The 5 Best Places To Live in America

St. George, Utah, the 6th-best place to live in America.

St. George, Utah, the 6th-best place to live in America.


San Diego? No. Prices are too high and California is a test kitchen of awful laws.

Sharon, Massachusetts
(Money magazine’s top place to live)? Similarly restrictive laws, with the added benefit of cold weather. Also, you’d be surrounded by Massholes.

San Francisco?
“What’s this foul-smelling squishy thing I just stepped in? Why, it’s a homeless person. Yeah, another one. We’ve been walking on an unbroken carpet of them all the way from Fisherman’s Wharf. I hope the hypodermic needle that last one stabbed me with is at least infected with a treatable strain of hepatitis.”

Louisville, Colorado (also on Money’s list)? No offense, but we’ve never heard of you.


Money and common knowledge are idiots. Here’s our list, the definitive one. We’ll do them in ascending order, add to the drama. Presenting the 5 Best Places To Live in America:


5. An apartment you’re renting.

It’s not like we haven’t said this before, repetition being endemic to personal finance blogging, but every dollar you spend here is a waste. Think about the way this transaction works:

You: Hi! Here’s 1/4, maybe 1/3 of my gross income.
Landlord: Thanks. Here’s a floor. Oh, and I still get to keep it. I also get to keep your money.

You’re an adult, right? Then buy a house. Or at least a townhome or a condo. One more time: this is about building wealth. While wealth doesn’t drop out of the sky, at least for most people, it also doesn’t grow of its own accord. You need to start with the raw material, i.e. some amount of money, before you can do anything with, i.e. invest it. Renting, and thus forking over a big chunk of that investable money, handicaps you from the start. You have to live somewhere anyway, so why wouldn’t you build equity while doing so? Renting is a great way to enrich someone else.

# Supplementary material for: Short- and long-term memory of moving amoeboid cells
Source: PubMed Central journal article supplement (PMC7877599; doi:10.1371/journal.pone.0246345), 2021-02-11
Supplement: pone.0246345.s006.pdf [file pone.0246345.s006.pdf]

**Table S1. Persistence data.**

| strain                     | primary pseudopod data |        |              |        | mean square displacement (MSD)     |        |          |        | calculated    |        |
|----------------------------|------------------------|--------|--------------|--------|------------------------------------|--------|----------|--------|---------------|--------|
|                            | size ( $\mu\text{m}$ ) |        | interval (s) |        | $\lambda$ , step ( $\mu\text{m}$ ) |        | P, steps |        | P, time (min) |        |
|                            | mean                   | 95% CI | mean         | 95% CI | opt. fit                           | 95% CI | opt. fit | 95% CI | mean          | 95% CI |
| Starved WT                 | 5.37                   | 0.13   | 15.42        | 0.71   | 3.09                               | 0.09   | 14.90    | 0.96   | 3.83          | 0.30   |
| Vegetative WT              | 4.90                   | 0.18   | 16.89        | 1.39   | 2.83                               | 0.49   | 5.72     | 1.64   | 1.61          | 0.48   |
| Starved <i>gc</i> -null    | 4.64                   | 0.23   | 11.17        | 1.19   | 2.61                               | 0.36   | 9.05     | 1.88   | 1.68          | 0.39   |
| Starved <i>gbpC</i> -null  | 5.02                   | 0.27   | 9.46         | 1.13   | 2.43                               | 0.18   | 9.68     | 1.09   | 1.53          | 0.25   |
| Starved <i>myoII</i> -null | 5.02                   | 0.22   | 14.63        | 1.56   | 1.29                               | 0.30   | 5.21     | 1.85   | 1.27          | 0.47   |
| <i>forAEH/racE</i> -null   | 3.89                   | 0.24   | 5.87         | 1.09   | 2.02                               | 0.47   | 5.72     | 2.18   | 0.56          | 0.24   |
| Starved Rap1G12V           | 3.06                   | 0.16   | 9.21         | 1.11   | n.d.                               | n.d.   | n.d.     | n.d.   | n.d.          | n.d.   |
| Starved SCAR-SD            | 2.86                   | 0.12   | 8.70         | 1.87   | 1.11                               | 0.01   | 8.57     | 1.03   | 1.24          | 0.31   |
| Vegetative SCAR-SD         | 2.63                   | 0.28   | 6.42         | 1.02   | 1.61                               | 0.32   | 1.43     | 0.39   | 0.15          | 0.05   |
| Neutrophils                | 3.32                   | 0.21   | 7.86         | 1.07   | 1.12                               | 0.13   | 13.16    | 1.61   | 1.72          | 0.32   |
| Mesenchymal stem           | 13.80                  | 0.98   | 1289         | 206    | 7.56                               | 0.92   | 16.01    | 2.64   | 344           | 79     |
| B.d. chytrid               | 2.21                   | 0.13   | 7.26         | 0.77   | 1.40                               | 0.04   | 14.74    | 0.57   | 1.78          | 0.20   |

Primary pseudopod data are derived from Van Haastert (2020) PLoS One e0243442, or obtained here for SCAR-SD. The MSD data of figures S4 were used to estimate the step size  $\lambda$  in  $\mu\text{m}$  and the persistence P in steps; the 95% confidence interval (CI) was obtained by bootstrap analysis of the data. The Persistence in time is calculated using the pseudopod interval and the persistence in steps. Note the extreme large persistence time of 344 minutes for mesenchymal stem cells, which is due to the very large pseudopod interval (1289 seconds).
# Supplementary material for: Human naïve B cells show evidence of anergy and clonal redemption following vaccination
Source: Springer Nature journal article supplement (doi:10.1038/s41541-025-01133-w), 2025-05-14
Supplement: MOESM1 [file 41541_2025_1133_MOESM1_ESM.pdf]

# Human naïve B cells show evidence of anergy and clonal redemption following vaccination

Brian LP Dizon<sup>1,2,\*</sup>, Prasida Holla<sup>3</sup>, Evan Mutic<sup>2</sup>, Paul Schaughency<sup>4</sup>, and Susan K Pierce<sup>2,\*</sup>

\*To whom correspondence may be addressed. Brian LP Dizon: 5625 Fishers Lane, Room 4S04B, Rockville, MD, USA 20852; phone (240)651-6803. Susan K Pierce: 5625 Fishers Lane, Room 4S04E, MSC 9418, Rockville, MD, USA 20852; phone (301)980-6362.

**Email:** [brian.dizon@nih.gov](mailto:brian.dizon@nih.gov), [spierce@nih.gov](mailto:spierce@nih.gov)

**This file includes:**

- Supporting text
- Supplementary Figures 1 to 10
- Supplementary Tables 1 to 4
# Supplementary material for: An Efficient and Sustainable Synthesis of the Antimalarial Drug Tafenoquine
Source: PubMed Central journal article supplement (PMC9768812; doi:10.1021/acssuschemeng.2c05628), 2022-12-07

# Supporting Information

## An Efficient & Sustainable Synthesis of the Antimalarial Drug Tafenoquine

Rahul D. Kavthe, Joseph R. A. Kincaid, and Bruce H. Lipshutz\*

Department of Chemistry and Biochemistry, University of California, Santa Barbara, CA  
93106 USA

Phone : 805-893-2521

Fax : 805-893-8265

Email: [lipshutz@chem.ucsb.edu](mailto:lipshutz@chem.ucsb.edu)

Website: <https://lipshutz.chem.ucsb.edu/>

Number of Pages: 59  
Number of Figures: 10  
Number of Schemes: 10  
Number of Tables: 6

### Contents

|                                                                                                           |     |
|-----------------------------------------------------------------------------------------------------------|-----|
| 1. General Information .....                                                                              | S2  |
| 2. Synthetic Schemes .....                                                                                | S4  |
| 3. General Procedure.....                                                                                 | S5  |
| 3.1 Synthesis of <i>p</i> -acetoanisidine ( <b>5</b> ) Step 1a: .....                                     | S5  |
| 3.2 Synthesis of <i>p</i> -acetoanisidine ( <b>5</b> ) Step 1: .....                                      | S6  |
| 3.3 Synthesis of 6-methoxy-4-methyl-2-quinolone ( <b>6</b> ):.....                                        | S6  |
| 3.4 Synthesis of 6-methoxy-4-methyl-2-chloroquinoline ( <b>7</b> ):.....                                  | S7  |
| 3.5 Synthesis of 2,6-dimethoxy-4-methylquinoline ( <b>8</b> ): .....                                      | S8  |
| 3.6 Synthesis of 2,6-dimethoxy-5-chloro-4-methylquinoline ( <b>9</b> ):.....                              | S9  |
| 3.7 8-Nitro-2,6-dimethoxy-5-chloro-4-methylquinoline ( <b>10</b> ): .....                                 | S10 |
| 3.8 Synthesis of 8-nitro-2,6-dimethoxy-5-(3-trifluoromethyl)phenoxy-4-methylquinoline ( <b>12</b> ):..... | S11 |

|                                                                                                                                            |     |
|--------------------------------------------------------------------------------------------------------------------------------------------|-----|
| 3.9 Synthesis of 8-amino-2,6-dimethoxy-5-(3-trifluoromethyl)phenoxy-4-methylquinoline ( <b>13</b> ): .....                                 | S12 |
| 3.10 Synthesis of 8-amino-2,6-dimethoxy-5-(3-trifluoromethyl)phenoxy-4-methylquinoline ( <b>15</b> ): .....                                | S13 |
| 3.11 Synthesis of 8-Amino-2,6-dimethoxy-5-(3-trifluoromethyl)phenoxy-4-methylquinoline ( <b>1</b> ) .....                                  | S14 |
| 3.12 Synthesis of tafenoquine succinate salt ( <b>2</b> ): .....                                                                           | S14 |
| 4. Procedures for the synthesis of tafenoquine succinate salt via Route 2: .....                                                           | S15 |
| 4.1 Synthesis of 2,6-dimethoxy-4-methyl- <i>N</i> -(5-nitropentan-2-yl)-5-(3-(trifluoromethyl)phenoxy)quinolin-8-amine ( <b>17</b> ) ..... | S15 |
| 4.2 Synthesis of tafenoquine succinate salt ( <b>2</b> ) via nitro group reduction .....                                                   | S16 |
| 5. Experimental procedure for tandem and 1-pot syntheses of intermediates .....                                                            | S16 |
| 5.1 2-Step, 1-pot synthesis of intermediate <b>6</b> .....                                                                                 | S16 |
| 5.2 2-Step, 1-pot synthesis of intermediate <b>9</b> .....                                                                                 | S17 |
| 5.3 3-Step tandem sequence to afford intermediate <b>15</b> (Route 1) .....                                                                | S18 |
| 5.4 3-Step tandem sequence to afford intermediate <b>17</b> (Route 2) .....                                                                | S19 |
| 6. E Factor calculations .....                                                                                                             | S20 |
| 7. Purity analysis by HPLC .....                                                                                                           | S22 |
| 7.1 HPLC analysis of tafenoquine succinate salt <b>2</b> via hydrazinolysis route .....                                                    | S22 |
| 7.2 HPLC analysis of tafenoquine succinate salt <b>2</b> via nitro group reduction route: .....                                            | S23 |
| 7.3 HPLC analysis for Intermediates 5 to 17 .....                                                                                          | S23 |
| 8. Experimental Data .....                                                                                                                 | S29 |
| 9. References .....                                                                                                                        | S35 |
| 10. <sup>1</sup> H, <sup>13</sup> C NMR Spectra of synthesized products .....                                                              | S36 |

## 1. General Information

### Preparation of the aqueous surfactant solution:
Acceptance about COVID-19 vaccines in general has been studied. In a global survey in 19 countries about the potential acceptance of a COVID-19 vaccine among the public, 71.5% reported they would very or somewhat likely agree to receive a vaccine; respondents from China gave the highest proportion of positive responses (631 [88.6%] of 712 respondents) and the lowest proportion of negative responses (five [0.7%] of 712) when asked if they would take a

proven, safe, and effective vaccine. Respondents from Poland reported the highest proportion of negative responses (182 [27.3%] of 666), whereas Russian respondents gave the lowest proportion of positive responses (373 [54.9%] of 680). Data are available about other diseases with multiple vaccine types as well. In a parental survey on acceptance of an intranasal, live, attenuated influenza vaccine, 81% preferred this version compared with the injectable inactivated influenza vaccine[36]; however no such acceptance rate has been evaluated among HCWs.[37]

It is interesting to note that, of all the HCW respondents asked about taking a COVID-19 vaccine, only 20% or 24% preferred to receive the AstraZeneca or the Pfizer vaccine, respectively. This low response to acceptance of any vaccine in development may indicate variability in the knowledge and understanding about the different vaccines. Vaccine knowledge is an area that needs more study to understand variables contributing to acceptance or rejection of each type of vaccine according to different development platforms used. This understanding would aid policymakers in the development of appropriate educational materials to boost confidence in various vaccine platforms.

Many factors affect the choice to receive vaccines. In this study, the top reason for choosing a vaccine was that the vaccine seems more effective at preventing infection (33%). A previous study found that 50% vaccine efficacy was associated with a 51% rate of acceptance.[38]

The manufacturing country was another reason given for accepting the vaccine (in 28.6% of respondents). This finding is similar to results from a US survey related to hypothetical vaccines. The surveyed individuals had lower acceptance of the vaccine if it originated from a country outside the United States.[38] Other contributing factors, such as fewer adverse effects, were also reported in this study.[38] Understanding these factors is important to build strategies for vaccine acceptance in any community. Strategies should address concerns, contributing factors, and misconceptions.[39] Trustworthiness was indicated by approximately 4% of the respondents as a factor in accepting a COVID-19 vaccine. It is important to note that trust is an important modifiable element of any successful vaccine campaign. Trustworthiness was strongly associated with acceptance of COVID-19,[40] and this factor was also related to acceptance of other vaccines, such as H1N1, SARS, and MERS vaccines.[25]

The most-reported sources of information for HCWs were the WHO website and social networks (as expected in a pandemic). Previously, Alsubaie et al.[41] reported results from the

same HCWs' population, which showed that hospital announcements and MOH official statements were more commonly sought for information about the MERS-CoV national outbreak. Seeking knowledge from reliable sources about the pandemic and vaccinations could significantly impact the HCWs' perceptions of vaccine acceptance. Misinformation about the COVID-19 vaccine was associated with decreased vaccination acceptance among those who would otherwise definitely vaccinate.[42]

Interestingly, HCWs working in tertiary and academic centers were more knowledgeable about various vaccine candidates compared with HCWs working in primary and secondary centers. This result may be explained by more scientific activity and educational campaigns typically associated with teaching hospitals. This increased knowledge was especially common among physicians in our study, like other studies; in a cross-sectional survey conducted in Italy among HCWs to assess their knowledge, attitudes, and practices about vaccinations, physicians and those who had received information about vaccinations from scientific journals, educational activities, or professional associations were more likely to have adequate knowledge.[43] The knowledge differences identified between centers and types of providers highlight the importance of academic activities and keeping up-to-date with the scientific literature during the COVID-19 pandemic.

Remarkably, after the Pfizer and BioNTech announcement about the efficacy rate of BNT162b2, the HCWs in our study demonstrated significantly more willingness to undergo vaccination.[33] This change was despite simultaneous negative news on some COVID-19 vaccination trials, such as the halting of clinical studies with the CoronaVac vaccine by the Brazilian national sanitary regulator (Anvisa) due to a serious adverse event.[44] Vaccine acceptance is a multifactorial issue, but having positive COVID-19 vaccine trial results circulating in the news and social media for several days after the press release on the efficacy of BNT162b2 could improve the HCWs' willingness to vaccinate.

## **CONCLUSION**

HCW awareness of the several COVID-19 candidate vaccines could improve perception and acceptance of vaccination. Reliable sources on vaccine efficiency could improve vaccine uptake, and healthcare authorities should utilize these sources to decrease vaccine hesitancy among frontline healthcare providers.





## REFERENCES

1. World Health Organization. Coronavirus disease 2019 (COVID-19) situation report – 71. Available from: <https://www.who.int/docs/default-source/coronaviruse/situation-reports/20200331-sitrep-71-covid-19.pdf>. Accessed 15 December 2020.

Yeah, let’s hear it. “The housing market crashed and people got foreclosed upon. Why should I let those greedy mortgage companies have another opportunity to profit off my hide?”

The only people who got hurt by the housing “crisis”, which is now over, were those who were in over their heads in the first place. They bought too much house, they crossed their fingers in hopes of appreciation, and plenty of them lied about their income on their applications. (Just the same, those overmatched borrowers should probably blame the lending agents for believing their lies in the first place. Nothing is ever anyone’s own fault.) Being in over your head with anything, whether house payments, student loans or credit card debt is beyond the scope of this site anyway. Go join the other hand-wringers at the more querulous blogs if finding commiseration is more important to you than being rich is.

After a 4-year double nadir, prices and mortgage rates are finally rising but still historically low. You can use that as an excuse for not buying if you want, or you can see it as the tremendous opportunity it is.

No, you can’t afford a house when you begin the transition from student to wage-earner. Renting is an unfortunate necessity for most of us at some point in our lives. That point should be as early as possible. Save like your life depends on it – or your livelihood, which it does – until you’ve got enough for a down payment. Once you do, and if you’re motivated enough it shouldn’t take more than a few months, a standard monthly mortgage payment won’t be much more than what you’d otherwise pay in rent. And even if it is, you’re building wealth. Even in a bad-case scenario in which your home doesn’t appreciate as much as you’d like. Your house isn’t going to lose 100% of its value unless you live in Detroit. Your rent payment will lose 100% of its value every single time.